Hiring the silent salesman?

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Imagine this scenario: You’ve survived the Great Recession. However, to make it through the epic national bloodletting, you had to reduce your shop’s staff. And now that riding season is here, you’ve got customers coming in looking to buy gear or get information on vehicles. Unfortunately, you don’t have the staff required to give personal attention to everyone. What can you do to help mitigate this issue until you can get staffed up again?

Well, do you have a website? One of those fancy e-commerce-enabled ones that you’ve never really been able to do a whole lot with or see a dramatic ROI?

Here’s an idea: Turn your Web presence inside-out! Set up a few obvious, comfortable locations in your dealership where customers can access your website and get information about vehicles, parts and gear. The formal name for these would be Internet kiosks. They are a great way to leverage a powerful asset that you are most likely not using to its full potential. Kiosks allow customers to do a certain amount of self-directed research or shopping in a similar way that they do now with a brochure or with those stacks of parts catalogs (without all the counter clutter).

Kiosks are not just a band-aid for a lack of staff. They have proven to be worthwhile enough that major retailers like REI, Staples and Best Buy have made them part of their stores. In addition to having customers use the kiosks on their own, they are useful as a tool to have your parts or sales staff use with the customer.

By seeing how effective your site can be in a real-world scenario, maybe you can justify spending the time and money to make your website even better. Merchandise your site and create useful product groupings to help customers in your shop, and you’ll automatically have a website that will perform better out in its natural habitat.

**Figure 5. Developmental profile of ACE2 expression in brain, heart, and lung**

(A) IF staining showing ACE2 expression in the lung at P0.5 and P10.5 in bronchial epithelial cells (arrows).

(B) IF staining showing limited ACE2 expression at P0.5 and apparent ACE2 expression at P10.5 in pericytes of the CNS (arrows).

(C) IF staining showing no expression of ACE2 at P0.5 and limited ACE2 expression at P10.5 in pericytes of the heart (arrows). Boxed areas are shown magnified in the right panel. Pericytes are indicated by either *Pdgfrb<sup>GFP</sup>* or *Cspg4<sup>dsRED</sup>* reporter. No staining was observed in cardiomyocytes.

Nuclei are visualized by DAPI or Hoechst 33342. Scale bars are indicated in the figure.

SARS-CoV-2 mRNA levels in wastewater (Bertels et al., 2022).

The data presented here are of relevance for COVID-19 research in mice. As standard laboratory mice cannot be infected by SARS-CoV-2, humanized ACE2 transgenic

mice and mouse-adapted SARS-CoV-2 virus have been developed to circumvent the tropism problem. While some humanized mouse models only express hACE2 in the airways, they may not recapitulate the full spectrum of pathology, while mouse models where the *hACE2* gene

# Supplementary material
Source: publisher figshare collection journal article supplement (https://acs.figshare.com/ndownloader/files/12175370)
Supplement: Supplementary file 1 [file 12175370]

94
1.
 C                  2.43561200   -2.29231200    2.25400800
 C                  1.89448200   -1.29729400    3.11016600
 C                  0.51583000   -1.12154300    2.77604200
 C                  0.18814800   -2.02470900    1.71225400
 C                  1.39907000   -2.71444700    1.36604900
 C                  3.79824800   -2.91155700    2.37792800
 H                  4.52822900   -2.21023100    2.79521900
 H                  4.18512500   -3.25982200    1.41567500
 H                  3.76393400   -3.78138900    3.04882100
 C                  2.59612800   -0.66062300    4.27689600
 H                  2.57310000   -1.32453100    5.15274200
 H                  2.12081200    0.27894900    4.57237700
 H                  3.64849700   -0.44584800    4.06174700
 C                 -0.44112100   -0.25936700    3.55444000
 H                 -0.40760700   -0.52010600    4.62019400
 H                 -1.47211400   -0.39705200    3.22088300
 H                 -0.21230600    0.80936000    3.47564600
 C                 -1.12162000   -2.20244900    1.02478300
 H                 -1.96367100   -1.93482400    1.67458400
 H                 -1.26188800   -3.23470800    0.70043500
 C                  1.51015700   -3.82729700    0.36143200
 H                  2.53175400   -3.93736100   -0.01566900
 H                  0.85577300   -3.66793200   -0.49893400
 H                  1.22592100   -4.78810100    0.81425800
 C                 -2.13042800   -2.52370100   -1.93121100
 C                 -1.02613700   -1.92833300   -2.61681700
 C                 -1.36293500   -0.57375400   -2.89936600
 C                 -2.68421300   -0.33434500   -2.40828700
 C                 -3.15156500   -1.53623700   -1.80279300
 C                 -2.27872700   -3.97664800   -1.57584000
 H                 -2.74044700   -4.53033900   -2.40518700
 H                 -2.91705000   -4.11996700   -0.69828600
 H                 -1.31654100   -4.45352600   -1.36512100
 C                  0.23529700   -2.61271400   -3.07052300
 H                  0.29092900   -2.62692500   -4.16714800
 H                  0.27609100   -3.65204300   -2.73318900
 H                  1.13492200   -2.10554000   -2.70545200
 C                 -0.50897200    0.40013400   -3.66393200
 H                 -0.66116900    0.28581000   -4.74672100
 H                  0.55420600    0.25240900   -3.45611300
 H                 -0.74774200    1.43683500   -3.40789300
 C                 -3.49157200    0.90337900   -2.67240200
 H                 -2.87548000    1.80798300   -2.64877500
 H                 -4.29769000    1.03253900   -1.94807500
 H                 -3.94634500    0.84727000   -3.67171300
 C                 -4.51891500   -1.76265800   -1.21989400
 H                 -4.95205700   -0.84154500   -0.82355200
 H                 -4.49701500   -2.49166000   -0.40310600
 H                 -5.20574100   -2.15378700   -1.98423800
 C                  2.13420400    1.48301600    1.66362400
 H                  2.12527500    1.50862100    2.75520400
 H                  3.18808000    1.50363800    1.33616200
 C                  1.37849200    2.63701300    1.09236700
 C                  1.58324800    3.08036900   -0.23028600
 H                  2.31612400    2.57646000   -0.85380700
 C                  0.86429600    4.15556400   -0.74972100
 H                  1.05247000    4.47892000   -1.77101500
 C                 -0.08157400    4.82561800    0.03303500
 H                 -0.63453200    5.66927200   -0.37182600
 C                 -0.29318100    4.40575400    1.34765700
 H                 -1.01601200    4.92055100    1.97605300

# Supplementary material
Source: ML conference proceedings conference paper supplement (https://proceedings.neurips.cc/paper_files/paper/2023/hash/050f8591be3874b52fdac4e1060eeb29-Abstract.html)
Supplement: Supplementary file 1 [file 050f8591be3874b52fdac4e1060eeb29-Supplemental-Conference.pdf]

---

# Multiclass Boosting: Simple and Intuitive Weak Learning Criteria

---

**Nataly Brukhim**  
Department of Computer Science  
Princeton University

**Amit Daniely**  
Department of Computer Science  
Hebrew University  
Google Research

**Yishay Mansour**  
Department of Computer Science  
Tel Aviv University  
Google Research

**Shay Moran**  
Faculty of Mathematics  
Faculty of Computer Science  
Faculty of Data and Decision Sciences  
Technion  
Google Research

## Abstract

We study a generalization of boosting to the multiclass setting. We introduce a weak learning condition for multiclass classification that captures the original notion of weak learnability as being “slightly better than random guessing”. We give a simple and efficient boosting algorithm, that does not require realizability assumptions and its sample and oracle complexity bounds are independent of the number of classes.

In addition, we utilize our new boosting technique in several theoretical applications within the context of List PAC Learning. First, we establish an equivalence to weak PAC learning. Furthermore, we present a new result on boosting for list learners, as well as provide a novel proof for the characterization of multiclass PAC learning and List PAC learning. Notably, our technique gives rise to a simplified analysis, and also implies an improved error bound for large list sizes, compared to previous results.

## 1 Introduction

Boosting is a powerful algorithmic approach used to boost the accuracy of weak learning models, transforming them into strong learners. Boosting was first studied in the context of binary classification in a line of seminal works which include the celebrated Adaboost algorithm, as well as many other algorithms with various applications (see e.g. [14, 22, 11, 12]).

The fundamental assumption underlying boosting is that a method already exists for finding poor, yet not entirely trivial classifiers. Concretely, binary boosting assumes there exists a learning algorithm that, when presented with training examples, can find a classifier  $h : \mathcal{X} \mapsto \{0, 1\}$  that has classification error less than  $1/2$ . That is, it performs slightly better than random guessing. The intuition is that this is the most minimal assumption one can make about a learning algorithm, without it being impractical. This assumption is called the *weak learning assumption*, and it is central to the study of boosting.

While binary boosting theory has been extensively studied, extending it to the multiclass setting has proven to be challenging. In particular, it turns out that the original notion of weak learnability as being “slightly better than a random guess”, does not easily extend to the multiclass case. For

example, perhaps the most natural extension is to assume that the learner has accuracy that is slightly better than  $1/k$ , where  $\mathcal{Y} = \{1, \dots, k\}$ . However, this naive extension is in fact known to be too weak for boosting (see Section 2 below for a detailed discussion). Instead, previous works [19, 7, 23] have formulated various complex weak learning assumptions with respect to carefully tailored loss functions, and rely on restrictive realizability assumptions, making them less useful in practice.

So how would you pull this off? Well, there are companies that can provide you with ready-made Internet kiosks (Google “Internet kiosk manufacturer”) so you can just plug-and-play. If you have access to someone with adequate technical capability, you could also whip these up yourself.

Browsers like Internet Explorer, Firefox or Chrome all have the ability to be run in a “kiosk mode.” Kiosk mode locks down the browser so that the user is very limited in what they can do. There’s no ability to access the OS, run other programs and so on.

A basic PC from Dell or HP that would be suitable can be had for a few hundred bucks. You can even go for one of those new touch-screen-based all-in-one models. A fairly stylish computer stand from Ikea will set you back another hundred bucks.

You could even pull off this idea with one of Apple’s new iPads. Regardless of the computing device you choose, you’ll want to make sure the entire thing is secured to avoid having it walk out of your dealership.

And speaking of security, you’ll want to install filtering software on the PC or control access at your store’s network router to limit the sites that the kiosks can access. You don’t want customers surfing porn or, worse yet, visiting a competing dealer’s or retailer’s site!

Finally, you’ll want to communicate to your staff what’s up with the kiosks. Make it clear that you don’t see the kiosks as a way to replace the humans in the shop. Educate your staff that the kiosks are a tool that they can use to actually improve customer interaction, or as a way to allow customers to do a little self-help when things are crazy. It’s better than having customers wander aimlessly around your shop twiddling their fingers waiting for someone to help them.

Don’t let the lack of staff be the only reason you try out the kiosk idea. Many top retailers have found that having shopping kiosks is a great way to flesh out a full multichannel retail strategy. Maybe you’ll discover you’ve been sitting on a secret gold mine all this time. You just needed to look at it differently!

This story originally appeared in the Dealernews June 2010 issue.